When we talk about failure, we have to talk about resilience. It’s the companion piece that measures our ability to become successful again after something bad happens. It’s not the mistake we value, it’s the recovery.
it’s what J.K. Rowling was talking about when she addressed the Harvard Class of 2008.
“The knowledge that you have emerged wiser and stronger from setbacks means that you are, ever after, secure in your ability to survive. You will never truly know yourself, or the strength of your relationships, until both have been tested by adversity. Such knowledge is a true gift, for all that it is painfully won, and it has been worth more than any qualification I ever earned.”
In a recent interview , U.S. transportation secretary, Anthony Foxx, prioritized resilience over all other qualities he seeks in a potential candidate.
“What I’m trying to understand is whether the person, if things get really tough, is going to stay in there or fall apart. I’d rather hire somebody who’s maybe not a genius, but they will dig in on any assignment. I’d rather have resilience than almost any other quality. Competence is obviously critical, but a lot of people who are really smart actually end up walking away from some pretty tough assignments because they’re worried about whether they can do them or not.”
How do you demonstrate this new competence to a potential employer? How do you offer examples of your own ‘phoenix rising out of the ashes’ moment?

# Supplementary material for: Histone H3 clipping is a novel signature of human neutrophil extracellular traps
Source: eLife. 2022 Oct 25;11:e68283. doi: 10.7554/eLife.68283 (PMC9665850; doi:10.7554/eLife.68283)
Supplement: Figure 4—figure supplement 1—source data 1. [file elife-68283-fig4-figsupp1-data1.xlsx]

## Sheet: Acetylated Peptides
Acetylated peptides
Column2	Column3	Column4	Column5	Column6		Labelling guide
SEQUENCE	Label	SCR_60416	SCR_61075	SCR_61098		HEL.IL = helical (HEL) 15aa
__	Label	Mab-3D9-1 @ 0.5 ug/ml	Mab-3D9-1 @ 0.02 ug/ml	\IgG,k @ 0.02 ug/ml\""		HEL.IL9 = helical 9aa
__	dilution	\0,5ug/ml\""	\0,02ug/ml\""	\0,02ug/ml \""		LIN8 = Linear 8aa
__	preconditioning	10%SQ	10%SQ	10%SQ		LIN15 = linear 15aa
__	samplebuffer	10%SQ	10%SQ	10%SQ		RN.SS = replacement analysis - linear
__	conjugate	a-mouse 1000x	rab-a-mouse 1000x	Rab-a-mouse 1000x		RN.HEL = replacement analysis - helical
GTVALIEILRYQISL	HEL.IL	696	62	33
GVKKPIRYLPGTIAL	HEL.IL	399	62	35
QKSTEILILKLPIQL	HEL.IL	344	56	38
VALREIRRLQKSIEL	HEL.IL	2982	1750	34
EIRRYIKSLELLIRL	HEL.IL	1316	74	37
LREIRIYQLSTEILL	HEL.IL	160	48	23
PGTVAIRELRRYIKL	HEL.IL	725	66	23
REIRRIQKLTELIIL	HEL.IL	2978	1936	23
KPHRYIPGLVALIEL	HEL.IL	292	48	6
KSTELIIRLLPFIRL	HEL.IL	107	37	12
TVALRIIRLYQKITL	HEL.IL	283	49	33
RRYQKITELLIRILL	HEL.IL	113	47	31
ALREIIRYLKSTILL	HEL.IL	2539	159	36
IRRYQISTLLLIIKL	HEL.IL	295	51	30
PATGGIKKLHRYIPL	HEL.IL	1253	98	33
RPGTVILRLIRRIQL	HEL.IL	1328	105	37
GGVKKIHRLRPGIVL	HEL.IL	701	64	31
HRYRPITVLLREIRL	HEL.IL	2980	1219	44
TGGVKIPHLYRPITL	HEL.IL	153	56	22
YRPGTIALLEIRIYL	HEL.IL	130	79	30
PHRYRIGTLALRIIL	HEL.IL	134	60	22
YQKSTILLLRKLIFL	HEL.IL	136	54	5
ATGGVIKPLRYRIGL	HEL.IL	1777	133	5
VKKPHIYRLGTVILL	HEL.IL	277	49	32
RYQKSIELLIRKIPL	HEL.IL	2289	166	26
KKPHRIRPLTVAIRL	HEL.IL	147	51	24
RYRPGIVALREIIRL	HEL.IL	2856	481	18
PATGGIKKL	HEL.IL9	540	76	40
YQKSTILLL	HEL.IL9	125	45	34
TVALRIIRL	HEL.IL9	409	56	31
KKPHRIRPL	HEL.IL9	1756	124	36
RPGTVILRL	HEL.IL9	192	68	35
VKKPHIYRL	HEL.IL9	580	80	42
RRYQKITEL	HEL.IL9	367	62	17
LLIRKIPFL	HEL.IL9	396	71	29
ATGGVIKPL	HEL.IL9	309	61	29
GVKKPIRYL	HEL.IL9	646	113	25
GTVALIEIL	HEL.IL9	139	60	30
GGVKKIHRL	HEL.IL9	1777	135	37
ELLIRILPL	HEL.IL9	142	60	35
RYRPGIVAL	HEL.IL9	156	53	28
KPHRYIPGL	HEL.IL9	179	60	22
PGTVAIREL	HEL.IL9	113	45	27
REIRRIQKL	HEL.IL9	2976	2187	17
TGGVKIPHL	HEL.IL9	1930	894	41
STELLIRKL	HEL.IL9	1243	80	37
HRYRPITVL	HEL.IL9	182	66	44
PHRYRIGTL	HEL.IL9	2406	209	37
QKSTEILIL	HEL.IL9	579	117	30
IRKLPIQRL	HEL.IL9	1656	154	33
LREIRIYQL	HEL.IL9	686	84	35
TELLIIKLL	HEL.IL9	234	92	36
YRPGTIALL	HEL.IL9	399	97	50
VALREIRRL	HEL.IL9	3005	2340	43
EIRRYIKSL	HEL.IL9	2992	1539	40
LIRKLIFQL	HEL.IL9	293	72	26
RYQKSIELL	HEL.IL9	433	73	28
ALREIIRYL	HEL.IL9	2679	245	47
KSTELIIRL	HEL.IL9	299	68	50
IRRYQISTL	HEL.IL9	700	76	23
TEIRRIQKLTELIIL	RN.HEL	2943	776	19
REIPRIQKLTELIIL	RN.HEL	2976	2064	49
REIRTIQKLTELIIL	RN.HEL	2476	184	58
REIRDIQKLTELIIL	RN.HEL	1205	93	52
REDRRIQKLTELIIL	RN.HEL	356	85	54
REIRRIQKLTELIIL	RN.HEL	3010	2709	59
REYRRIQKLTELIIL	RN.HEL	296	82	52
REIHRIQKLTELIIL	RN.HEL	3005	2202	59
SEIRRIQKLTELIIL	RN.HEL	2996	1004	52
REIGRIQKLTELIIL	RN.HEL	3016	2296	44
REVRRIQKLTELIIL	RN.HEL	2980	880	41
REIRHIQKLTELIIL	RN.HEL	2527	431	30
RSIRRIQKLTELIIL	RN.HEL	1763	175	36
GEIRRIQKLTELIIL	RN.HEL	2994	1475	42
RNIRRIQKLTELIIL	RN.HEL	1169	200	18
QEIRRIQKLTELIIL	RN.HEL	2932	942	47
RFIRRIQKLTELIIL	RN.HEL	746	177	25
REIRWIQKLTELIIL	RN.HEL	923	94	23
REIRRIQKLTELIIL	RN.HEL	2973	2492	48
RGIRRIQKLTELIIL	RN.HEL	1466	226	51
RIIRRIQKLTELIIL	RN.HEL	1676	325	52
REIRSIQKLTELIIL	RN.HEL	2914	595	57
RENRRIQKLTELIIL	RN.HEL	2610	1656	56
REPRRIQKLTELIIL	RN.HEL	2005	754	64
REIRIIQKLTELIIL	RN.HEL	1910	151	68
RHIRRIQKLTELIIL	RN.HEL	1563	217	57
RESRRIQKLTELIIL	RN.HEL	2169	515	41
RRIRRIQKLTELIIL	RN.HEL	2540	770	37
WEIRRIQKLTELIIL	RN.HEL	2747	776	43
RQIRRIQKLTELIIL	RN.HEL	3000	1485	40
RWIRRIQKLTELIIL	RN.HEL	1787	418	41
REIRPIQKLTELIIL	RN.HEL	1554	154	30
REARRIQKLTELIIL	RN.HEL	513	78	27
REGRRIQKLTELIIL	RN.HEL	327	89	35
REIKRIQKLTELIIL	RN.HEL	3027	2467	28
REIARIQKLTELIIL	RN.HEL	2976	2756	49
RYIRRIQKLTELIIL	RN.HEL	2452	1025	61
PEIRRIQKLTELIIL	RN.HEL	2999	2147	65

Andrea Ovans provides some hints in her article ‘What Resilience Means and Why It Matters’. Her survey of recent research on the topic broadens the definition of resilience to include adapting well to change, and pushing through in adversity.
“Resilient people possess three characteristics — a staunch acceptance of reality; a deep belief, often buttressed by strongly held values, that life is meaningful; and an uncanny ability to improvise. You can bounce back from hardship with just one or two of these qualities, but you will only be truly resilient with all three. These three characteristics hold true for resilient organizations as well.…Resilient people and companies face reality with staunchness, make meaning of hardship instead of crying out in despair, and improvise solutions from thin air. Others do not.”
It’s about confidence, ownership, continuous learning and an ability to adapt to a continually changing reality.
Resilience is not new. Robert Waterman, Judith Waterman and Betsy Collard were offering advice to workers and organizations over twenty years ago.
“By a career-resilient workforce, we mean a group of employees who not only are dedicated to the idea of continuous learning but also stand ready to reinvent themselves to keep pace with change; who take responsibility for their own career management; and, last but not least, who are committed to the company’s success. For each individual, this means staying knowledgeable about market trends and understanding the skills and behaviors the company will need down the road. It means being aware of one’s own skills—of one’s strengths and weaknesses—and having a plan for enhancing one’s performance and long-term employability. It means having the willingness and ability to respond quickly and flexibly to changing business needs. And it means moving on when a win-win relationship is no longer possible.”
What is new? Resilience is now a core competence, not an option. When an interviewer asks about a time you failed, respond with a narrative of strength and grit, and seize your competitive advantage.